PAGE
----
Tito Puente: Google doodle honors American “Nuyorican” musician and percussionist

Tito Puente: Google doodle honors American “Nuyorican” musician and percussionist

We celebrate the life and legacy of American “Nuyorican” musician and well-known musician Tito Puente in honor of U.S. Hispanic Heritage Month. Carlos Aponte, a Puerto Rican artist living in New York, is the illustrator of today’s animated video Doodle.

Puente, a multi-faceted musician of Puerto Rican heritage, was a drummer, composer, lyricist, recording artist, and bandleader. He is frequently referred to as “El Rey de los Timbales” and “The King of Latin music,” with a career spanning five decades. The Tito Puente Monument was unveiled in New York City’s East Harlem on this day in 2021.

At the Spanish Harlem Hospital Center in New York City, Puente was born on April 20, 1923. Growing up, he was exposed to big band, Cuban, and Puerto Rican music, and he quickly had a strong musical aptitude. He began playing drums in his early teens and got his big break with Machito’s Orchestra and Federico Pagani’s Happy Boys.

He played the alto saxophone as the ship’s bandleader while serving in the Navy during World War II, along with more than ten other instruments. After the war, he kept up his studies at the Juilliard School of Music.

In 1948, he established his own band, the Tito Puente Orchestra, and soon became well-known for his energetic performances that got crowds moving. Puente was renowned for his astounding skill on the timbales (or timpani/kettledrums), as well as for the way he blended Afro-Cuban music with big band instrumentation and jazz harmonies. More than any other timbales bandleader to date, he has been credited on dozens more in addition to the incredible 118+ albums he recorded. Ran Kan Kan, his first recorded track for a paying customer and the basis for today’s Doodle, marked the beginning of this adventure.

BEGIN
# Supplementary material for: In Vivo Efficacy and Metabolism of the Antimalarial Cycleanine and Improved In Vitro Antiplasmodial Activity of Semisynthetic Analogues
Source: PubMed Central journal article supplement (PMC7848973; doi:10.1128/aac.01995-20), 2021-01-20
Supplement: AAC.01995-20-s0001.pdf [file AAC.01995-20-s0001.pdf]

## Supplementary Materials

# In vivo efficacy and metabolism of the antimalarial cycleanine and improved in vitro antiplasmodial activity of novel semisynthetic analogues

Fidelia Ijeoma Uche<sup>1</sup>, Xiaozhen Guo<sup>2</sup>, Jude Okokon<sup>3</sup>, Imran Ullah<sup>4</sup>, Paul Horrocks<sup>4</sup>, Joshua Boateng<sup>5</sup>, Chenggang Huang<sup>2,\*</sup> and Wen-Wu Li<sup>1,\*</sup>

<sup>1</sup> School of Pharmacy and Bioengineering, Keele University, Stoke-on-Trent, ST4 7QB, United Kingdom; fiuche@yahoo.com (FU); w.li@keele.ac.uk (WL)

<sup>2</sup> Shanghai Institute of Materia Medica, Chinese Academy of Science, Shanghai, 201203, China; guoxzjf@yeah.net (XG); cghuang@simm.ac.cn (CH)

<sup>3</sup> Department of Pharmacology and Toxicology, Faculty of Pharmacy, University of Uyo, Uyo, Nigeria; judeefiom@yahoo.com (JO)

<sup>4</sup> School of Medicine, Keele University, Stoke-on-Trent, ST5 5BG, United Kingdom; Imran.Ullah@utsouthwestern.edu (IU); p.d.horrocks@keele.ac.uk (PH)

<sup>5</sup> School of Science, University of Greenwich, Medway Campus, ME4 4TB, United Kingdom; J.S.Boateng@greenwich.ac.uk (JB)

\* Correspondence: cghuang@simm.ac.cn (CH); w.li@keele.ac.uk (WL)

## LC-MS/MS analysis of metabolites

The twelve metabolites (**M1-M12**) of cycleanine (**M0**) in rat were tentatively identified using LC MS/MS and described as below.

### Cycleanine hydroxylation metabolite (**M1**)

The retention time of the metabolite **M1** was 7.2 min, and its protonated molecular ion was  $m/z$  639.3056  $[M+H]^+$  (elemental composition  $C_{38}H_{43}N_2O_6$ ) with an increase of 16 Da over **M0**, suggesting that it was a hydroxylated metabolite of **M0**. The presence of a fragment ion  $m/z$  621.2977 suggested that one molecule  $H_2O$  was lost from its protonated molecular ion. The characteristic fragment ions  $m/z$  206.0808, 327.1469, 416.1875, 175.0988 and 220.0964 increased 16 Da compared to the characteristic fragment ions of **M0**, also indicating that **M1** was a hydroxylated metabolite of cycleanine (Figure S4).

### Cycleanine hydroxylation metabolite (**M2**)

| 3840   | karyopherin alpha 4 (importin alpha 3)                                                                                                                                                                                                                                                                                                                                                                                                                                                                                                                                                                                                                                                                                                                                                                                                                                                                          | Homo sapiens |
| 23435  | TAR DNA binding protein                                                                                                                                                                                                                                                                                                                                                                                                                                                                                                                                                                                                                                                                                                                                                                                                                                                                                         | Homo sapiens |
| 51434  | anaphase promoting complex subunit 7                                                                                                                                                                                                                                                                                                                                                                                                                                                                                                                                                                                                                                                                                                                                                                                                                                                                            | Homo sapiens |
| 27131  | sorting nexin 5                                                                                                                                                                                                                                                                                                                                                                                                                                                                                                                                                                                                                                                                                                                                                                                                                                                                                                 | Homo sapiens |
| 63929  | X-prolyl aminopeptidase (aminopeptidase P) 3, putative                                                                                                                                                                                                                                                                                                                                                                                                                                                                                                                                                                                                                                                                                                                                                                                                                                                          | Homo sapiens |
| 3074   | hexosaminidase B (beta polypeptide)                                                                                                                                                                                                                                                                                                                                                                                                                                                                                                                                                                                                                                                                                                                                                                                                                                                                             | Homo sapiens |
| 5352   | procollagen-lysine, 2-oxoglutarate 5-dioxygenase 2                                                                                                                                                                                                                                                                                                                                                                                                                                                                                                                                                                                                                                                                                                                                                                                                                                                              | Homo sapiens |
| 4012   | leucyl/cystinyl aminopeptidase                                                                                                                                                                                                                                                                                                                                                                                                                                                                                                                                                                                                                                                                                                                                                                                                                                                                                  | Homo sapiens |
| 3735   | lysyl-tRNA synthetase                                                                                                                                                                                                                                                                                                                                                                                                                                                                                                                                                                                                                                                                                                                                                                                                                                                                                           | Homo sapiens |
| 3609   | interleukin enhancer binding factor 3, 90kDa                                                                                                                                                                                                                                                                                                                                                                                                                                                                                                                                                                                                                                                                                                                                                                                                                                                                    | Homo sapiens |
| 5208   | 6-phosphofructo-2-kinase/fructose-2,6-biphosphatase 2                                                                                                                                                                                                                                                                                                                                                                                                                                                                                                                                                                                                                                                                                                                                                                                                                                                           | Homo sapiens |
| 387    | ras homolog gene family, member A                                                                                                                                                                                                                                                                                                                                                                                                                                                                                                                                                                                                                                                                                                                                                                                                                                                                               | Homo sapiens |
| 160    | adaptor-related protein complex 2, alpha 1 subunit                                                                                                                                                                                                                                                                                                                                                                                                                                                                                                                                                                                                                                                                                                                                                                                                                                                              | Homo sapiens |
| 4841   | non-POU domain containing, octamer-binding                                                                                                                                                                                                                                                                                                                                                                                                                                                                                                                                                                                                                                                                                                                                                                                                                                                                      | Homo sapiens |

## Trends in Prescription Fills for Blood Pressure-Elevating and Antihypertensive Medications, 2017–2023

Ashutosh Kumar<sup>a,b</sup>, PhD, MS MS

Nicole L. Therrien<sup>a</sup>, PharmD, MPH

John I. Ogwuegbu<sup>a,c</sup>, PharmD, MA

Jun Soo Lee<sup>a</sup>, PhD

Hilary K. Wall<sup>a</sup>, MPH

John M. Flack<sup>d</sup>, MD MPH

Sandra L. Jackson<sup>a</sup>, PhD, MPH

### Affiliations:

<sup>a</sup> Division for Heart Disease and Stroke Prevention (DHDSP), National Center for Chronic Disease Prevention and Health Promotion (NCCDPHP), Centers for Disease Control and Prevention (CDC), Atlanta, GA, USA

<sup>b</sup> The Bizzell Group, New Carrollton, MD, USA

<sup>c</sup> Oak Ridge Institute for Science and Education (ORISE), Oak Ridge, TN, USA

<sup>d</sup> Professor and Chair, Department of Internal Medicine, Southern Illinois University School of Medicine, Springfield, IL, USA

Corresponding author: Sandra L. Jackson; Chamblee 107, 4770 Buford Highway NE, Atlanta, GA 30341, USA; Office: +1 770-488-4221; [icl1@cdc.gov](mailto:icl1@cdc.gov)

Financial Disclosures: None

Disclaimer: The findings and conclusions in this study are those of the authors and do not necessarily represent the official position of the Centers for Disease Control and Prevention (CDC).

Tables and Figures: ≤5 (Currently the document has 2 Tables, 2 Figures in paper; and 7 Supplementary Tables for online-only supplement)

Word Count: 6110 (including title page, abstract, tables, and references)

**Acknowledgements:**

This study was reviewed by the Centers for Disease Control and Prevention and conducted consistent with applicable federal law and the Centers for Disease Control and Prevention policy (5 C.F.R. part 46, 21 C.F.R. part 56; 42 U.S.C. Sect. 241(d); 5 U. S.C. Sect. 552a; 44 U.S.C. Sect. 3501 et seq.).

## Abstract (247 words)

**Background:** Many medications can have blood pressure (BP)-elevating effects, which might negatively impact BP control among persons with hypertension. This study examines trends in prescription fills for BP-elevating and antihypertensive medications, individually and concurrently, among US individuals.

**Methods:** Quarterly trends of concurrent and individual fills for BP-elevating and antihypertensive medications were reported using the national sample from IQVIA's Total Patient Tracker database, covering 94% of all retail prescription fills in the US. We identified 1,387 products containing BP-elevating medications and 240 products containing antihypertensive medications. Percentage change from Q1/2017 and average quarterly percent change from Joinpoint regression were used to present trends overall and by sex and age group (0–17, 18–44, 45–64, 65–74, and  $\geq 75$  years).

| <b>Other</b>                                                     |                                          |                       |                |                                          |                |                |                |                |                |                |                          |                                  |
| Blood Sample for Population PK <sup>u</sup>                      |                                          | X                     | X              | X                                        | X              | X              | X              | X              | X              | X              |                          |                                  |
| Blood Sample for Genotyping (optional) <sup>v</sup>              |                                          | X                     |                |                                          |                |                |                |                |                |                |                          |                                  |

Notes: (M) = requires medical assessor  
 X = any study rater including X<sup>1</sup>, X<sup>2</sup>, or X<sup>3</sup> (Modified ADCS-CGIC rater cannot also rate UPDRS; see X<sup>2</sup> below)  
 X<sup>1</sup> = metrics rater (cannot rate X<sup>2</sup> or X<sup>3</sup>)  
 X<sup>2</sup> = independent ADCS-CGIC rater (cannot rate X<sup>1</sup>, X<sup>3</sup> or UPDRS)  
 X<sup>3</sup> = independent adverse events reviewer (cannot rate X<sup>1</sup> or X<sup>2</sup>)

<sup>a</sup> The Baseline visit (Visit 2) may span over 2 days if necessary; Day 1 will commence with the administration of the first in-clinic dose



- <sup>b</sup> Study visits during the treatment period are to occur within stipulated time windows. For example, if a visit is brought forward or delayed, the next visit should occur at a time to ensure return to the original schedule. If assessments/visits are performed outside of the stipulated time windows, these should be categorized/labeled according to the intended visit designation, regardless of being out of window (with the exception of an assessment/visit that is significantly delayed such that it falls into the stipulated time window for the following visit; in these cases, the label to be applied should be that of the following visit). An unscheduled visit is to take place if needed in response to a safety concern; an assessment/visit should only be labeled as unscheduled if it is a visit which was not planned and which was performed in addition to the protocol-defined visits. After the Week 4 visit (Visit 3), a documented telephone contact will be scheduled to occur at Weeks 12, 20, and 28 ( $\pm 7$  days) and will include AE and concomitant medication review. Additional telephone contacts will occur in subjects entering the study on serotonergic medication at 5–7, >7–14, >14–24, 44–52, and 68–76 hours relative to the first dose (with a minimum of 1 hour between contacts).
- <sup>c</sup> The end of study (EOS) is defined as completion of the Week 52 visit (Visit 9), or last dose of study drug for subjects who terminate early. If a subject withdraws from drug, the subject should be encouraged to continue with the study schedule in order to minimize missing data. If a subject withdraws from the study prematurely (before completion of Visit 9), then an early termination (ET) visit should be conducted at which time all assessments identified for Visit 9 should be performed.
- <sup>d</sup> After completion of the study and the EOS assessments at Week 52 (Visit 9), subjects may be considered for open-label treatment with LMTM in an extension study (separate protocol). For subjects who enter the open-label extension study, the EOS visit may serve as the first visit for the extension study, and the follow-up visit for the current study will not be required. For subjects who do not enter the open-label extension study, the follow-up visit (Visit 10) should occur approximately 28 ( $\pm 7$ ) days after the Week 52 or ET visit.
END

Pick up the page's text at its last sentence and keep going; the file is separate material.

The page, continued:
Puente experimented with Latin music beyond the mambo movement, including the Boogaloo, Pachanga, and ultimately Salsa. Because of his creativity and ingenuity, he was regarded as a musical pioneer. He is also widely recognised for having popularised Latin music in the United States. He received the key to New York City in 1969.

Along with his career-long musical achievements, Puente was also profoundly committed to giving the Latin community chances. He established a scholarship programme in 1979, which has given young Latin percussionists hope and assistance for more than 20 years.

Even now, many people are aware of and respect Puente’s success, charisma, and musical ability. Many others waited in line to say their goodbyes for days after his death. In celebration of his life and legacy, the street in Harlem where he was raised, E. 110th Street, was renamed Tito Puente Way. He was posthumously honoured at the first-ever Latin Grammy Awards.

“Goza with the timbales” Tito, here’s to you!

Share This Post